FORT COLLINS, Colo. – The experts at Colorado State University released an updated 2022 Atlantic hurricane season outlook Thursday and increased the forecast number of named storms from what they initially predicted in an April outlook.
"We have increased our forecast and now call for a well above-average Atlantic Basin hurricane season in 2022," Phil Klotzbach, lead author of the forecast, wrote in the outlook published Thursday morning.
The updated CSU forecast calls for 20 named storms, 10 of which could become hurricanes with winds of at least 74 mph. Experts say out of the hurricanes, five of them could be major (Category 3 or higher) with winds of at least 115 mph.
This is an increase of one named storm, one hurricane and one major hurricane from CSU's initial outlook issued in April. It's also on the upper end of NOAA's hurricane season outlook released in May, which predicted 14 to 21 named storms, six to 10 hurricanes and three to six Category 3 or stronger hurricanes.
These numbers are significantly higher than the 30-year averages of 14 named storms, seven hurricanes and three major hurricanes. If the forecasts hold, 2022 will become the seventh straight above-average Atlantic hurricane season, which would be the longest streak on record with more activity than average.
"We think the odds of El Niño are quite low. The Atlantic is looking reasonably conducive," Klotzbach told FOX Weather in April when CSU's initial outlook was released.
Klotzbach says that of the various forecasts for El Niño or La Niña, a cool-neutral condition to weak La Niña is expected to be in place, much like the 2021 hurricane season, which was the third most active on record with 21 named storms and seven hurricanes, four of which became Category 3 or stronger.
La Niña conditions often yield an active season in the Atlantic, while El Niño typically has the opposite effect and causes the season to be quieter than average.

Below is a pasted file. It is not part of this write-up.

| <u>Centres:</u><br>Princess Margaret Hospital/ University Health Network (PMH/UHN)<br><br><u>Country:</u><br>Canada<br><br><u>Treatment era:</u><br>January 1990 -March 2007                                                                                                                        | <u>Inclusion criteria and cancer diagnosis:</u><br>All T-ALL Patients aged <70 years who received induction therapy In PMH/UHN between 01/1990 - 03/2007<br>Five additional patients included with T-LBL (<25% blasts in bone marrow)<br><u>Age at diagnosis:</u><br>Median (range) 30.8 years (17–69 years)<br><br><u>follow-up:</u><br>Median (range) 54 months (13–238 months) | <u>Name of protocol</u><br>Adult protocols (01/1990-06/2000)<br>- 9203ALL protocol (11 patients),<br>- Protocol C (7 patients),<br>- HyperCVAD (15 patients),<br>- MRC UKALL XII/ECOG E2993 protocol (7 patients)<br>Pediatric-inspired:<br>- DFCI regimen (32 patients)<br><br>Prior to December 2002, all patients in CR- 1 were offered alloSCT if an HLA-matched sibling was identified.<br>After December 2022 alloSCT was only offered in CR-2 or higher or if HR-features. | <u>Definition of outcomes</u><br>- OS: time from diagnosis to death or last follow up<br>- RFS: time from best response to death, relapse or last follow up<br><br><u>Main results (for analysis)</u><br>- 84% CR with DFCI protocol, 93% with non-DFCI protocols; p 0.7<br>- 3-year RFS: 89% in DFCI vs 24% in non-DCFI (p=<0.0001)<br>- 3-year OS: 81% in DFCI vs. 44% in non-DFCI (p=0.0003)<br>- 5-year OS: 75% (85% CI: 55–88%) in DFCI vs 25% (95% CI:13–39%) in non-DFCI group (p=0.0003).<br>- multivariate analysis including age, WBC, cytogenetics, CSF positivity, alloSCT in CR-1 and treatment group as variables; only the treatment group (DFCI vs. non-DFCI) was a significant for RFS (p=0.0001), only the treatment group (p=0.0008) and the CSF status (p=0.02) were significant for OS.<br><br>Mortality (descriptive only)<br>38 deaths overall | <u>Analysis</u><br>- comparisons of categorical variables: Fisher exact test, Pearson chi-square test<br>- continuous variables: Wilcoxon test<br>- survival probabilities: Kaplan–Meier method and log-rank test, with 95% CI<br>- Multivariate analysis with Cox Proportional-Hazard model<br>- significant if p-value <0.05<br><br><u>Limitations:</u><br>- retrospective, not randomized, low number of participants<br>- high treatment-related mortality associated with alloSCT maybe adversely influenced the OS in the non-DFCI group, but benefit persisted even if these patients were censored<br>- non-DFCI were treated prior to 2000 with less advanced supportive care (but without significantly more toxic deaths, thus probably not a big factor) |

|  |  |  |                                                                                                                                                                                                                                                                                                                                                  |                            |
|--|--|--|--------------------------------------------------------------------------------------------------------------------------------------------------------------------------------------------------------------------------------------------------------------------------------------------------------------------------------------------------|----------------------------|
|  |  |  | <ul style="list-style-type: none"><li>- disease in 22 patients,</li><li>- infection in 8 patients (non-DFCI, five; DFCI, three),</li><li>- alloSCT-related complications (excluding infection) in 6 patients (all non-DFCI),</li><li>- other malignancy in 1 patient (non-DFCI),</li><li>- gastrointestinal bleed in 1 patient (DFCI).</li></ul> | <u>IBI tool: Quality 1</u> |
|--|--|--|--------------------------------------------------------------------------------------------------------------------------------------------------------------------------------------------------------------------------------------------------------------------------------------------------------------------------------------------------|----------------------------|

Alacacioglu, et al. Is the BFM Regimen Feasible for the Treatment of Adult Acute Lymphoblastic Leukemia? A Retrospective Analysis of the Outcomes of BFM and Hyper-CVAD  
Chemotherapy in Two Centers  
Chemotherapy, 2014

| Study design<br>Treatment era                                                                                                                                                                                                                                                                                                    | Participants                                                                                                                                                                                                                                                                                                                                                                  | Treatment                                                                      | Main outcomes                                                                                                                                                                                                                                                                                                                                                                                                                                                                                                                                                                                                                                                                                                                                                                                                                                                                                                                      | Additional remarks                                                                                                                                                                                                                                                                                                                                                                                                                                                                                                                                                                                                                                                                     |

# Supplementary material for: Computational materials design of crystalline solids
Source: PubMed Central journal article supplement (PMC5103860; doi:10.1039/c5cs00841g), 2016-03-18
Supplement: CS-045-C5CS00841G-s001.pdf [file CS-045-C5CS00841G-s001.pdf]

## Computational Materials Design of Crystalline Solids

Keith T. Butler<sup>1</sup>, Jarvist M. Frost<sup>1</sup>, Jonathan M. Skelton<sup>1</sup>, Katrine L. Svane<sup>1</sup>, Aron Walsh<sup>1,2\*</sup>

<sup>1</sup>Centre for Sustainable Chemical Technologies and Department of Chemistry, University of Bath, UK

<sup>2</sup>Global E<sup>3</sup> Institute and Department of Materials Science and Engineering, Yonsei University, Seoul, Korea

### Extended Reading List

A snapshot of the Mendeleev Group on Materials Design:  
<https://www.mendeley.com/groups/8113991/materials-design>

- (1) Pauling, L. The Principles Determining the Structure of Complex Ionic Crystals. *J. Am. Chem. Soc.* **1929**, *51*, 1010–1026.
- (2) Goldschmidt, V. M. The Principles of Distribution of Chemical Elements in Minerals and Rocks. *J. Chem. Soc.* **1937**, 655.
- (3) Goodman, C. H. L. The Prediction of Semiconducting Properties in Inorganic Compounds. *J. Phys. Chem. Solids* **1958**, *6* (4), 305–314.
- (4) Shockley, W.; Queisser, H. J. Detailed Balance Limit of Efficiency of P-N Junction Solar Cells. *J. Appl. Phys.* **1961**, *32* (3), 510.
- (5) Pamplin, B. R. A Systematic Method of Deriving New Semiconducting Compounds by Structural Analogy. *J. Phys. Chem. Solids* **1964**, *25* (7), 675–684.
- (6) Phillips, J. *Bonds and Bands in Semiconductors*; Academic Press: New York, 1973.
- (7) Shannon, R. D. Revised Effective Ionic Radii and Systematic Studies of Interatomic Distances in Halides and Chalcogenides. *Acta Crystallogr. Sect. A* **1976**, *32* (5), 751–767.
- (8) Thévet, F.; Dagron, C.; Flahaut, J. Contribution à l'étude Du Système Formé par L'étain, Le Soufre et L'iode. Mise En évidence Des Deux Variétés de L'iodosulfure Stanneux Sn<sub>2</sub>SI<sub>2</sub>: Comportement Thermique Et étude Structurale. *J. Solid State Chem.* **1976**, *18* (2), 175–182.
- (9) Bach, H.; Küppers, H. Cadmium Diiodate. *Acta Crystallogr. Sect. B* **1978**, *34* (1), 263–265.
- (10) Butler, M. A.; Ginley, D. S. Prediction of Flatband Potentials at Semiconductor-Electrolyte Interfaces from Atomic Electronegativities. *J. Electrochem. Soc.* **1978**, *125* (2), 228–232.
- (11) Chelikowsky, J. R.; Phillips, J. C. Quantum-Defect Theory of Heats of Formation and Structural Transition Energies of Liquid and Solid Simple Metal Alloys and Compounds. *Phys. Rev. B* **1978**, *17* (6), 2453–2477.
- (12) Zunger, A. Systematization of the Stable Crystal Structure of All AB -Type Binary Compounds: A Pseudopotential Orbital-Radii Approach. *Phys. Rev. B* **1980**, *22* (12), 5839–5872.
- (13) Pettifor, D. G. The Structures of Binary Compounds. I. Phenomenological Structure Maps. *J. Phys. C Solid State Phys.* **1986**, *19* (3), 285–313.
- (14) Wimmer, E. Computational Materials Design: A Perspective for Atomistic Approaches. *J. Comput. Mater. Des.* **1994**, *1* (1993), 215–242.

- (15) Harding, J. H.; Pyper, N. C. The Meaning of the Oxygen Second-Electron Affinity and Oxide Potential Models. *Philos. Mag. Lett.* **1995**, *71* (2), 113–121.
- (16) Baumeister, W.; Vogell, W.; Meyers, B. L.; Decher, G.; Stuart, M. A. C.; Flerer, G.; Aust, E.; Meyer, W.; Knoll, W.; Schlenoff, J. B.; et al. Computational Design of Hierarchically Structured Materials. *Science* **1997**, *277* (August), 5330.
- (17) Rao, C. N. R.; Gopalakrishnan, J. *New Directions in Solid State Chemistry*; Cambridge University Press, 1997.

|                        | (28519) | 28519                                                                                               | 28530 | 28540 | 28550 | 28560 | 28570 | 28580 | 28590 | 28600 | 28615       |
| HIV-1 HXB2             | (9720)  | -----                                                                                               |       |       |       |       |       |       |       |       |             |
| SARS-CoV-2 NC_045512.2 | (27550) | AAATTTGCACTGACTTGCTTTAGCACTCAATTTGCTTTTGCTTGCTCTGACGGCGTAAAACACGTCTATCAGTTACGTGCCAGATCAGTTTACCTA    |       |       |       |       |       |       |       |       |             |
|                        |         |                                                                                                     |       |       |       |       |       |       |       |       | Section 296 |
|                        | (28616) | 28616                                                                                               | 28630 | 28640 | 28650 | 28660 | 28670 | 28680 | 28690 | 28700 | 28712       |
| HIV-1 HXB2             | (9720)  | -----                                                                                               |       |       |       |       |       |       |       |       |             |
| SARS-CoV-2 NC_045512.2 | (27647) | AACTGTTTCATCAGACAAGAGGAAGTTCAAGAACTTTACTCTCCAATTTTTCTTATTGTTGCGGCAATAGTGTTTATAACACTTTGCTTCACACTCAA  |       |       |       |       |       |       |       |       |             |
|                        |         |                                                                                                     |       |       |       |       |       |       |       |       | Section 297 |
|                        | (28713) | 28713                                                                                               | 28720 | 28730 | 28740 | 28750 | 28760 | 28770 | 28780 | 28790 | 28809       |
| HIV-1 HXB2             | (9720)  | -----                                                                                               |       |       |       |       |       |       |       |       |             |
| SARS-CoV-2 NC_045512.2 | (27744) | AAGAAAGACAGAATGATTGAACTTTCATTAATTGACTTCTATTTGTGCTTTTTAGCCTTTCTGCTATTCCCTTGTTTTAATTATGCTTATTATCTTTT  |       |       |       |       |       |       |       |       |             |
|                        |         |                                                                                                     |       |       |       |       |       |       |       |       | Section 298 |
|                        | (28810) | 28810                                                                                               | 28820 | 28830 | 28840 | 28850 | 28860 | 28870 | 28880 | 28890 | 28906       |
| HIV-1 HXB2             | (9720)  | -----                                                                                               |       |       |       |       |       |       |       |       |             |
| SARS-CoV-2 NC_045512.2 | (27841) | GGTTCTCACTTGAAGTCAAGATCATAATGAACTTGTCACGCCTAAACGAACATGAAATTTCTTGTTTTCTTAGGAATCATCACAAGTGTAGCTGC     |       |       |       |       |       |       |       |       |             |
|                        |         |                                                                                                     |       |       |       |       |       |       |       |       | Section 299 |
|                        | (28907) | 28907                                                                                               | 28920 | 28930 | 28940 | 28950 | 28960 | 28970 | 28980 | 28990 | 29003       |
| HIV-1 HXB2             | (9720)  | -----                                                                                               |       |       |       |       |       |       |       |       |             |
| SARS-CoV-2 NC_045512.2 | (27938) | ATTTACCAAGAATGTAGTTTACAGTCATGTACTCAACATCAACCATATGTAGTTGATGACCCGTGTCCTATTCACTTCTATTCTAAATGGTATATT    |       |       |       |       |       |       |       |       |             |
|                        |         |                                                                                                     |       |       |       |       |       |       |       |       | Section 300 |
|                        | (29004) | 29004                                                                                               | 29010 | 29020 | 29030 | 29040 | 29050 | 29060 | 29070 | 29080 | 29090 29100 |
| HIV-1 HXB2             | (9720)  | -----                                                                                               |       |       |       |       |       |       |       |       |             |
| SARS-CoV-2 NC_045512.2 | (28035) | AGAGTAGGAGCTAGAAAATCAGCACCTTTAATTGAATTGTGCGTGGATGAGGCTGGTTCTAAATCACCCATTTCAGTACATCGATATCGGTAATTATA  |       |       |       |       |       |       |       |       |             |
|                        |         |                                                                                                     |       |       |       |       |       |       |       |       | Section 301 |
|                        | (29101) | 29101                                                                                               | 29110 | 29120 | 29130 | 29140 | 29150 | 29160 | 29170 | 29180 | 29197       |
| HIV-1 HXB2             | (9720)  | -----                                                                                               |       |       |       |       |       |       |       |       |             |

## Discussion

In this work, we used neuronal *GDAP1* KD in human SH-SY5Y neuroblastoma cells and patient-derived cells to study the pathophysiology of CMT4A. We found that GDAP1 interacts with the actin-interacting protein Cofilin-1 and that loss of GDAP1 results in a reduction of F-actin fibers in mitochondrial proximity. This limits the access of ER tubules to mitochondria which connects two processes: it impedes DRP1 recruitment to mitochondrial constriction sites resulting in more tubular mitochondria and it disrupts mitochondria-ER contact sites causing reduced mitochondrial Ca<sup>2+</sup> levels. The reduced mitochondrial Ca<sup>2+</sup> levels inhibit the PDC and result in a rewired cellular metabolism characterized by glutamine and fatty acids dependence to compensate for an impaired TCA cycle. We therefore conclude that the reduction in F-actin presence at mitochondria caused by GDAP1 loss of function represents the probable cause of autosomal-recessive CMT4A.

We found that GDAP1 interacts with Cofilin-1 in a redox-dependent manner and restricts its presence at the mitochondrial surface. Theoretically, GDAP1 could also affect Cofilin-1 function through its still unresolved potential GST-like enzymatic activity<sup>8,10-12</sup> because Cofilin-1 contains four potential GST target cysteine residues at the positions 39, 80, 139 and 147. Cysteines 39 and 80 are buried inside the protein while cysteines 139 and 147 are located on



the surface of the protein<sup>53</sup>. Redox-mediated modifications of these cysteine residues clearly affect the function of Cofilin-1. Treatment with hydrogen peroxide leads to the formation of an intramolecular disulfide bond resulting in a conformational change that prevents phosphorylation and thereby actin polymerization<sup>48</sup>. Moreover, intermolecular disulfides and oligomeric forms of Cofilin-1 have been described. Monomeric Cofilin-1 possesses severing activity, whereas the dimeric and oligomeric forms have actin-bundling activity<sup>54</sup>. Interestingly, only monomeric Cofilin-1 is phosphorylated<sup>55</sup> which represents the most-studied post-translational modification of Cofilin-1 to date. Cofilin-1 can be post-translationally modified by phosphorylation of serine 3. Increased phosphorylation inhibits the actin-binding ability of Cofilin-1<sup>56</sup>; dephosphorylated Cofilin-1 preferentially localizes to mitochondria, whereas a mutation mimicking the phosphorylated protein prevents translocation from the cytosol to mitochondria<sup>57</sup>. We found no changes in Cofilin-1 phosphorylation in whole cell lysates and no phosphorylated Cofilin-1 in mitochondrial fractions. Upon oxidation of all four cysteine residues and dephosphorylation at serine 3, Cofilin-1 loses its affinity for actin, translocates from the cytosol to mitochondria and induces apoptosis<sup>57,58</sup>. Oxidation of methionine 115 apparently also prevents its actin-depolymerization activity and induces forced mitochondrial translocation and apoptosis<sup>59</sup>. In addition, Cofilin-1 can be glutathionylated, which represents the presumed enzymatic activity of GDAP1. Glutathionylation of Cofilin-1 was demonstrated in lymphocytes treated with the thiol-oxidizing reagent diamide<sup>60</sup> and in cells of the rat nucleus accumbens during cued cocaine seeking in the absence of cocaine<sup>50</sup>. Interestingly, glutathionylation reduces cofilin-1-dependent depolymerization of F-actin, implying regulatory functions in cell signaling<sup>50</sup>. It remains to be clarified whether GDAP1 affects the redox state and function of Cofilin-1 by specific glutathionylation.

Along with the climate patterns, Klotzbach and his team use 70 years of historical data, including sea-surface temperatures, sea-level pressure and wind shear – the change in wind speed and/or direction with height – to create these forecasts.
When looking at the Atlantic Ocean waters, the consensus of the long-range forecasts is for water temperatures to be above average in the region where most strong hurricanes develop, known as the Main Development Region, and much warmer than average to the north and close to the U.S. coast.
Because of all these factors, Klotzbach believes this 2022 Atlantic hurricane season will be much more active than average.
This six-month period was chosen by the National Hurricane Center because it accounts for 97% of all Atlantic tropical storms and hurricanes, according to NOAA’s Hurricane Research Division.
That means only 3% of Atlantic tropical cyclones occur outside those dates, with the majority of out-of-season activity occurring in May or December. However, there has been either an Atlantic tropical storm or hurricane in every month of the year, as can be seen in the graph below.
CSU will update its hurricane season outlook again on July 7, while NOAA will update its forecast in early August ahead of the peak of the season on Sept. 10.
About the CSU seasonal hurricane forecast
This is the 39th year CSU released a forecast for the tropical weather season.
"It all got started with Dr. Bill Gray, who basically was the first one anywhere to do these season hurricane predictions for the Atlantic," Klotzbach says.
The CSU team was founded by the late Dr. William Gray, who led the program for decades.
"He made fundamental contributions to all sorts of tropical meteorology," Klotzbach says about Gray. "He was like Wikipedia before there was Wikipedia. He was kind of an online encyclopedia."
Gray was able to associate the amount of hurricane activity with climate patterns.
Because of his discovery of the correlation, the program as well as his forecasts became world-renowned. Now, nearly 40 years later, Klotzbach and the CSU tropical weather and climate research team continue the legacy and issue the forecast annually.